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Correspondence |

Considerations for the Interpretation of the Results Described in “Analysis of National Trends in Admissions for Pulmonary Embolism” FREE TO VIEW

Barret Rush, MD
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Division of Critical Care Medicine, Department of Medicine, Vancouver General Hospital, University of British Columbia, Vancouver, British Columbia, Canada

Harvard T.H. Chan School of Public Health, Harvard University, Boston, MA

CORRESPONDENCE TO: Barret Rush, MD, Division of Critical Care Medicine, Department of Medicine, Vancouver General Hospital, University of British Columbia, Rm 2438, Jim Pattison Pavilion, 2nd Floor, 855 W 12th Ave, Vancouver, BC, V5Z 1M9, CANADA


Copyright 2016, American College of Chest Physicians. All Rights Reserved.


Chest. 2016;150(2):467. doi:10.1016/j.chest.2016.03.064
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The recent publication by Smith et al in CHEST (July 2016) entitled “Analysis of National Trends in Admissions for Pulmonary Embolism” was a thought-provoking examination of national trends in the management of pulmonary embolism. There are, however, several significant issues that were not addressed by the authors that warrant explanation.

First, the Nationwide Inpatient Sample (NIS) underwent significant revisions between 1993 and 2012. The 1993 sample covered only 17 states and represented approximately 54% of the US population, whereas by 2012, the NIS captured patients from 44 states covering approximately 96% of the US population. The authors' use of US Census data to create the denominator for national rates of pulmonary embolism (PE) admissions during the study period may not be correct given the limited scope of earlier years of the NIS. Also, there was a complete redesign of the NIS sampling methods for the year 2012 that requires significant adjustments for trend analysis when comparing with previous years. The authors made no comment on adjustments for trend analyses accounting for changes in the NIS, including the major redesign for 2012. Also, it is assumed, but not stated, by the authors that proper complex survey procedures were used in the analysis of the data set.

Second, the authors' findings of decreased length of stay and mortality during the study period is in keeping with overall decreases in length of stay and mortality across all diagnoses in the NIS. These trends likely reflect changes in sampling methods of the NIS, including changes in hospital inclusion types (rehabilitation hospitals) and discharge estimation calculations. In addition, changes in International Classification of Diseases, ninth revision coding practices over a 20-year period could influence the results of the analysis and should be acknowledged as a limitation.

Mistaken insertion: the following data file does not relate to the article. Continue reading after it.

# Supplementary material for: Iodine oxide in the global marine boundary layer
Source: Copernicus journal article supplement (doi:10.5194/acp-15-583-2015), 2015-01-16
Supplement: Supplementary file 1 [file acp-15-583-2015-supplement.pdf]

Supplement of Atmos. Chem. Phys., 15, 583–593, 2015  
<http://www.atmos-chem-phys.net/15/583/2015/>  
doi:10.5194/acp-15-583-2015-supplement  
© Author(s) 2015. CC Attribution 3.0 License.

The authors should be commended for their important contribution to the field, and there is indeed a possibility of increased rates of hospitalization for PE due to increased diagnosis from CT angiography. However, the limitations of the NIS, especially across two major redesigns, must be taken into account for the results of this analysis to be interpreted.

References

Smith S.B. .Geske J.B. .Kathuria P. .et al Analysis of national trends in admissions for pulmonary embolism. Chest. 2016;150:35-45 [PubMed]journal. [CrossRef] [PubMed]
 
HCUP Healthcare Cost and utilization Project. HCUP Methods Series: Using the HCUP National Inpatient Sample to estimate trends, 2015.http://www.hcup-us.ahrq.gov/reports/methods/2006_05_NISTrendsReport_1988-2004.pdf. Accessed March 1, 2016.
 
HCUP Healthcare Cost and utilization Project. HCUP Methods Series: Nationwide Inpatient Sample Redesign Final Report, 2014.https://www.hcup-us.ahrq.gov/reports/methods/2014-04.pdf. Accessed March 1, 2016.
 

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References

Smith S.B. .Geske J.B. .Kathuria P. .et al Analysis of national trends in admissions for pulmonary embolism. Chest. 2016;150:35-45 [PubMed]journal. [CrossRef] [PubMed]
 
HCUP Healthcare Cost and utilization Project. HCUP Methods Series: Using the HCUP National Inpatient Sample to estimate trends, 2015.http://www.hcup-us.ahrq.gov/reports/methods/2006_05_NISTrendsReport_1988-2004.pdf. Accessed March 1, 2016.
 
HCUP Healthcare Cost and utilization Project. HCUP Methods Series: Nationwide Inpatient Sample Redesign Final Report, 2014.https://www.hcup-us.ahrq.gov/reports/methods/2014-04.pdf. Accessed March 1, 2016.
 
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